Book review: Prussian Blue
How do you fight crime and solve murders when the people you are working for are in fact criminals and murderers?
That is the dilemma faced by Bernie Gunther, a homicide detective working in Nazi Germany.
Gunther is the creation of writer Philip Kerr, and has appeared in 12 novels to date.
The most recent is Prussian Blue which is set, primarily in 1939, a few months before the start of World War Two and finds Gunther having to investigate a murder in Berchtesgaden, Hitler’s inner sanctum. In doing so, he uncovers a rat’s nest of corruption and comes into contact with a number of elite Nazis.
The story is told as a flashback by Gunther, who in 1956, is on the run from the Stasi, East Germany’s secret police force. They want Gunther to work for them and if he won’t, they want him dead. The agent heading the pursuit is an ex-cop who Gunther worked with on the 1939 case.
Kerr adroitly weaves the two tales together and in doing so provides insights on the inner workings of the Nazi regime and the odious characters who populated it. Chief among these in Prussian Blue is Martin Bormann, Hitler’s private secretary.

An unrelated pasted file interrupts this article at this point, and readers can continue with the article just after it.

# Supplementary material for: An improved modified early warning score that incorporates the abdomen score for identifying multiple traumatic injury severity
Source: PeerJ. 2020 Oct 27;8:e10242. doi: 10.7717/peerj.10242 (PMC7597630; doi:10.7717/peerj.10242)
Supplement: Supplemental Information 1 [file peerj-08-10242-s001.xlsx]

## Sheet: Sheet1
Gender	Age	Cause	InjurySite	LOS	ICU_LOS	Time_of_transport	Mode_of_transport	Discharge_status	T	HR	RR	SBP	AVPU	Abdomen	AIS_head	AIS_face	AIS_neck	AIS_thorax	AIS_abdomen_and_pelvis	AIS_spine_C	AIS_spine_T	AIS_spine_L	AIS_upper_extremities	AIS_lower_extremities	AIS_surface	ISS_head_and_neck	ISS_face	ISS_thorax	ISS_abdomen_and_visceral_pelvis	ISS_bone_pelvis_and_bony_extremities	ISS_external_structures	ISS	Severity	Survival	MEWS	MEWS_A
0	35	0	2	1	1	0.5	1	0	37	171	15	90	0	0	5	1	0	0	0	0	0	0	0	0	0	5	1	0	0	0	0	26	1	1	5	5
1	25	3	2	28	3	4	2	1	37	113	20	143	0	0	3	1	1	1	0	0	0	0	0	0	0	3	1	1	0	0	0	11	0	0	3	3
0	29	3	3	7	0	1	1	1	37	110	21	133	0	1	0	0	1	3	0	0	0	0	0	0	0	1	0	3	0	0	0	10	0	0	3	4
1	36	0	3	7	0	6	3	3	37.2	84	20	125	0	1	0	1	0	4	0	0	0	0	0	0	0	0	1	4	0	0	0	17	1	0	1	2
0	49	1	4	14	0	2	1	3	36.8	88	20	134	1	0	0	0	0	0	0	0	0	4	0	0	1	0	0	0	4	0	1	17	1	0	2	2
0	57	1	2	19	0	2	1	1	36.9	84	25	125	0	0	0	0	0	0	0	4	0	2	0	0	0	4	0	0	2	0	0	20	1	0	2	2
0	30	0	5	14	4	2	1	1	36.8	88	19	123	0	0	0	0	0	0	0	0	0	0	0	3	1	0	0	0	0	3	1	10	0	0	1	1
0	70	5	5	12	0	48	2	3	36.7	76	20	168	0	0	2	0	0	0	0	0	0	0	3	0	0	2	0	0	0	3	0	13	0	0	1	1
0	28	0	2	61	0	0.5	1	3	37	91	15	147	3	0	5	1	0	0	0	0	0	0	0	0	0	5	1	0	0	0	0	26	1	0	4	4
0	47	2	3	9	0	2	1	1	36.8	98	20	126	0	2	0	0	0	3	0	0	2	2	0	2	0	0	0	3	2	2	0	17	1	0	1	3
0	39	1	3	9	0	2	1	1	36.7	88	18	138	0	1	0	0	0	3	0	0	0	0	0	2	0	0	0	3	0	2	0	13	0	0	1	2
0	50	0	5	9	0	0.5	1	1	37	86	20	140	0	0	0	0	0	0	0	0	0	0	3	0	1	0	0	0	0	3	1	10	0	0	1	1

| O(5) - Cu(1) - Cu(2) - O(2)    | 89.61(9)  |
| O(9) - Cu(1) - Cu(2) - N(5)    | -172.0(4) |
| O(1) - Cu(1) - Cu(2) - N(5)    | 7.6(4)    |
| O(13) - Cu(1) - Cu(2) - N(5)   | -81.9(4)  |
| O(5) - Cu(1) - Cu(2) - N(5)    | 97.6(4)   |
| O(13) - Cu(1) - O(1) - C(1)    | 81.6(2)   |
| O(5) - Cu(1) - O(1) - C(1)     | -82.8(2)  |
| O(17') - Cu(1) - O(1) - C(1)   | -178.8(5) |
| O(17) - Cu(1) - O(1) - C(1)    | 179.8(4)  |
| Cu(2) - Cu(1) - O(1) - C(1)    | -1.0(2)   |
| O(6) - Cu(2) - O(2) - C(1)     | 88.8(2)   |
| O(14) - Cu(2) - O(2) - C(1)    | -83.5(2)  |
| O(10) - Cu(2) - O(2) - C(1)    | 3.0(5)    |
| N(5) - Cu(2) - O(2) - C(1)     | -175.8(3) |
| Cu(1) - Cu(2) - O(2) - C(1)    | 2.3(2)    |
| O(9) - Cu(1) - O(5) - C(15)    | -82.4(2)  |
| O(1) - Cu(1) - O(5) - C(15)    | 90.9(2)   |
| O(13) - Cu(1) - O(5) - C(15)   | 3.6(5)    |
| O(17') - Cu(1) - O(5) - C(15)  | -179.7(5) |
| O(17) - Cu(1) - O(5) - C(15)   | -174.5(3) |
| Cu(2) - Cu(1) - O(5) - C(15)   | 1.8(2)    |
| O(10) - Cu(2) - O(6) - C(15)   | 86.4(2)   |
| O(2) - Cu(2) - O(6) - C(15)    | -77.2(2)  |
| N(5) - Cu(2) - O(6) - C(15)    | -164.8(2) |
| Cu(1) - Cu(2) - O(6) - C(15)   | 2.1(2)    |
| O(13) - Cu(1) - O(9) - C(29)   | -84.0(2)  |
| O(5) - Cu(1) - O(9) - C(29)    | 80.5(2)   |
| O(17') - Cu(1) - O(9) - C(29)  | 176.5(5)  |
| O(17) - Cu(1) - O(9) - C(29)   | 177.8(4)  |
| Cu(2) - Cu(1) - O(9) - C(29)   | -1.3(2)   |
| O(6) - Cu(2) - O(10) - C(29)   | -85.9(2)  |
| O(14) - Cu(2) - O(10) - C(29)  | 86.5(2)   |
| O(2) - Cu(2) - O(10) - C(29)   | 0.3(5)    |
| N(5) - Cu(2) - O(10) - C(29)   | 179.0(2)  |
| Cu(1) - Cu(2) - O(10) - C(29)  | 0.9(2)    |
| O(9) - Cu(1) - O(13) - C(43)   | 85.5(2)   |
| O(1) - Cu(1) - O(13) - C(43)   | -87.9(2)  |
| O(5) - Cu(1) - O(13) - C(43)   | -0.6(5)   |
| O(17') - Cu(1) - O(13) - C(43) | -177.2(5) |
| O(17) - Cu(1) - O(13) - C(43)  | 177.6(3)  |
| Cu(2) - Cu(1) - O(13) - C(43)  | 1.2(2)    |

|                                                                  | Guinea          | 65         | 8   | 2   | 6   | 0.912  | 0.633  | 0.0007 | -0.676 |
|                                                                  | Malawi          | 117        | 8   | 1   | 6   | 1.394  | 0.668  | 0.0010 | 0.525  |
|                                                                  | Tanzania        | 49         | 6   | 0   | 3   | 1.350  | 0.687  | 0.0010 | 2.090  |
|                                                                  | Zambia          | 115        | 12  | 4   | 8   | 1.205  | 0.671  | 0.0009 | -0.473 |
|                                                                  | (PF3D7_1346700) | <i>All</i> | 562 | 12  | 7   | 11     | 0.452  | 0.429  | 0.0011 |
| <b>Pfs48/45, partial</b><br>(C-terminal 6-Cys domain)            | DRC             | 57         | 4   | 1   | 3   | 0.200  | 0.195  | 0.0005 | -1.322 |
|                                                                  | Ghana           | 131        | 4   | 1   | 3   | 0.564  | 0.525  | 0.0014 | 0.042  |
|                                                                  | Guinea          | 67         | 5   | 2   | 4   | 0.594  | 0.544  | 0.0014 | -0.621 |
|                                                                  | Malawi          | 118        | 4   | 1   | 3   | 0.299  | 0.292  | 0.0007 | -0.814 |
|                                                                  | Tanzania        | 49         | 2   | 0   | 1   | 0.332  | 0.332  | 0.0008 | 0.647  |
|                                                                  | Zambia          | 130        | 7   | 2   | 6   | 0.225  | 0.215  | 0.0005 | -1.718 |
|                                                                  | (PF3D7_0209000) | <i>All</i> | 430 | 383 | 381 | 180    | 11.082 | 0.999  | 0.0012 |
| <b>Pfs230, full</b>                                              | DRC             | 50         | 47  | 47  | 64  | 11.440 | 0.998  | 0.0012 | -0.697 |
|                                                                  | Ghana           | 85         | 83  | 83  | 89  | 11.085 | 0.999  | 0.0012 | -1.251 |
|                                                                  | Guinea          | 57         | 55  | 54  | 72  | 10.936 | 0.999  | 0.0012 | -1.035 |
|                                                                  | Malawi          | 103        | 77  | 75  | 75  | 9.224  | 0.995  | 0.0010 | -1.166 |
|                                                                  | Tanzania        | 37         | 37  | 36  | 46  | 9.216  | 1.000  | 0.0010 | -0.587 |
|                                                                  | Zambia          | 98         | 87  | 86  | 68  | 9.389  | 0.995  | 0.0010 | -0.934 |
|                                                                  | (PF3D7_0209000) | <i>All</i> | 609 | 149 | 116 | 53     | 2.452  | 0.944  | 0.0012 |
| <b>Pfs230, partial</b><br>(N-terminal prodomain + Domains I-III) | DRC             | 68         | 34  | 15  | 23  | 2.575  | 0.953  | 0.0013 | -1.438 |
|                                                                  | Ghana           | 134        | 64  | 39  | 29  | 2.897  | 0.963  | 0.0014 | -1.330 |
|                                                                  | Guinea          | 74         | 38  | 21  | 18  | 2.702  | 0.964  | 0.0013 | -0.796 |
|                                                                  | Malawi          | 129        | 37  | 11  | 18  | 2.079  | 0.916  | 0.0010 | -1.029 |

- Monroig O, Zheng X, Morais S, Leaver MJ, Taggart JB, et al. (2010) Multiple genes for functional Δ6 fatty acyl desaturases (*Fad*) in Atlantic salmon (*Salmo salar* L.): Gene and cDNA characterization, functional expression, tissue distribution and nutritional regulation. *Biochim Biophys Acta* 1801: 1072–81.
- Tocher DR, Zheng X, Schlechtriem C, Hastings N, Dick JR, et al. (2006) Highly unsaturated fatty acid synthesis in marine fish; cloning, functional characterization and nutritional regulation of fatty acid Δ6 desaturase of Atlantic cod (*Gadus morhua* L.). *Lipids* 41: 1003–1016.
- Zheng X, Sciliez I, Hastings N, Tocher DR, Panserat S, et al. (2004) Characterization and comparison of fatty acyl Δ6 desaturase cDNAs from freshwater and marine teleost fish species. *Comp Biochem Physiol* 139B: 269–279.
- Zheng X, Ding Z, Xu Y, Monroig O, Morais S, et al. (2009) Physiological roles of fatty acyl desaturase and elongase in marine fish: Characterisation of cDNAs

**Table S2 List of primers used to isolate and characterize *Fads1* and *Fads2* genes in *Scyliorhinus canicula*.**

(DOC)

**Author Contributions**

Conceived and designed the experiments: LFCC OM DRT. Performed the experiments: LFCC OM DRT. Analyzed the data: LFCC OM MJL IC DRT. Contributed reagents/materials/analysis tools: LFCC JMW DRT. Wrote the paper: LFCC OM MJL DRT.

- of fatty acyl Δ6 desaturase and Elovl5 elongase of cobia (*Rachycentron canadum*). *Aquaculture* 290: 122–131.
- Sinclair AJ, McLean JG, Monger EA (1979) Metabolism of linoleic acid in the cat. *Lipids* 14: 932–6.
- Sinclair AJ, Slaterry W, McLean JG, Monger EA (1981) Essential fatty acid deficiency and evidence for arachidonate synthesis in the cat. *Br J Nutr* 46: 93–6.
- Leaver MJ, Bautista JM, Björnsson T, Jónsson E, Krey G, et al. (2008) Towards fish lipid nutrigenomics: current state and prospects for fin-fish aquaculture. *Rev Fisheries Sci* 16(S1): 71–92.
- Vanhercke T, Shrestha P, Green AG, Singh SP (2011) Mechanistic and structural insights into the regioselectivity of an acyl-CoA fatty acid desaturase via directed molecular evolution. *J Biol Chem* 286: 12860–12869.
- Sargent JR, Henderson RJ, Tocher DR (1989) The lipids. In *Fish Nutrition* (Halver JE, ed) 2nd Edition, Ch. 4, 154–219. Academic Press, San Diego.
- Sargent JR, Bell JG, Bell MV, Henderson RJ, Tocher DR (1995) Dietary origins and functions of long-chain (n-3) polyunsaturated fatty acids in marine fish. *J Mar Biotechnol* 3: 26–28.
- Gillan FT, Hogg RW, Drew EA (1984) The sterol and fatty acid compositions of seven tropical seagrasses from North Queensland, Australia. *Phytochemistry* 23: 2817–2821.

Bormann is responsible for managing the building of Berchtesgaden and he wants it completed in time for Hitler’s 50th birthday. He is pressuring Gunther to quickly and quietly solve the murder of a civil engineer who was shot dead by a sniper on the balcony of Hitler’s private residence. Bormann fears that if Hitler learns of the murder he will be unwilling to come to Berchtesgaden out of concern for his personal safety. That would have dire consequences for Bormann’s political position which rests on controlling access to Hitler.
As Gunther investigates the murder he uncovers a web of illegal activities. Chief among these is the sale of amphetamines. It seems that these were very popular with the Nazis who used them freely and provided them to the workers at Berchtesgaden so that they could work at a faster rate.
At the same time, Gunther is on the run in 1956, trying to make his way from the south of France to West Germany where he thinks he might be safe. To do this Gunther must use all his old police skills in order to avoid both the Stasi and the French police who suspect him of a double homicide.
Bernie Gunther is a character in the tradition of Raymond Chandler’s Philip Marlowe. Surrounded by corruption he struggles to stick to a personal moral code.
He is world weary and cynical but still clings to the idea that in the face of so much violence and corruption it is still possible to try and do the right thing even if it means putting yourself in danger.
Prussian Blue is fast paced and Kerr is adept at bringing to life figures from the past who you would much rather meet on the page than in person.
Basil Guinane is a recently retired associate dean of the School of Media Studies at Humber college, a former librarian and an avid reader.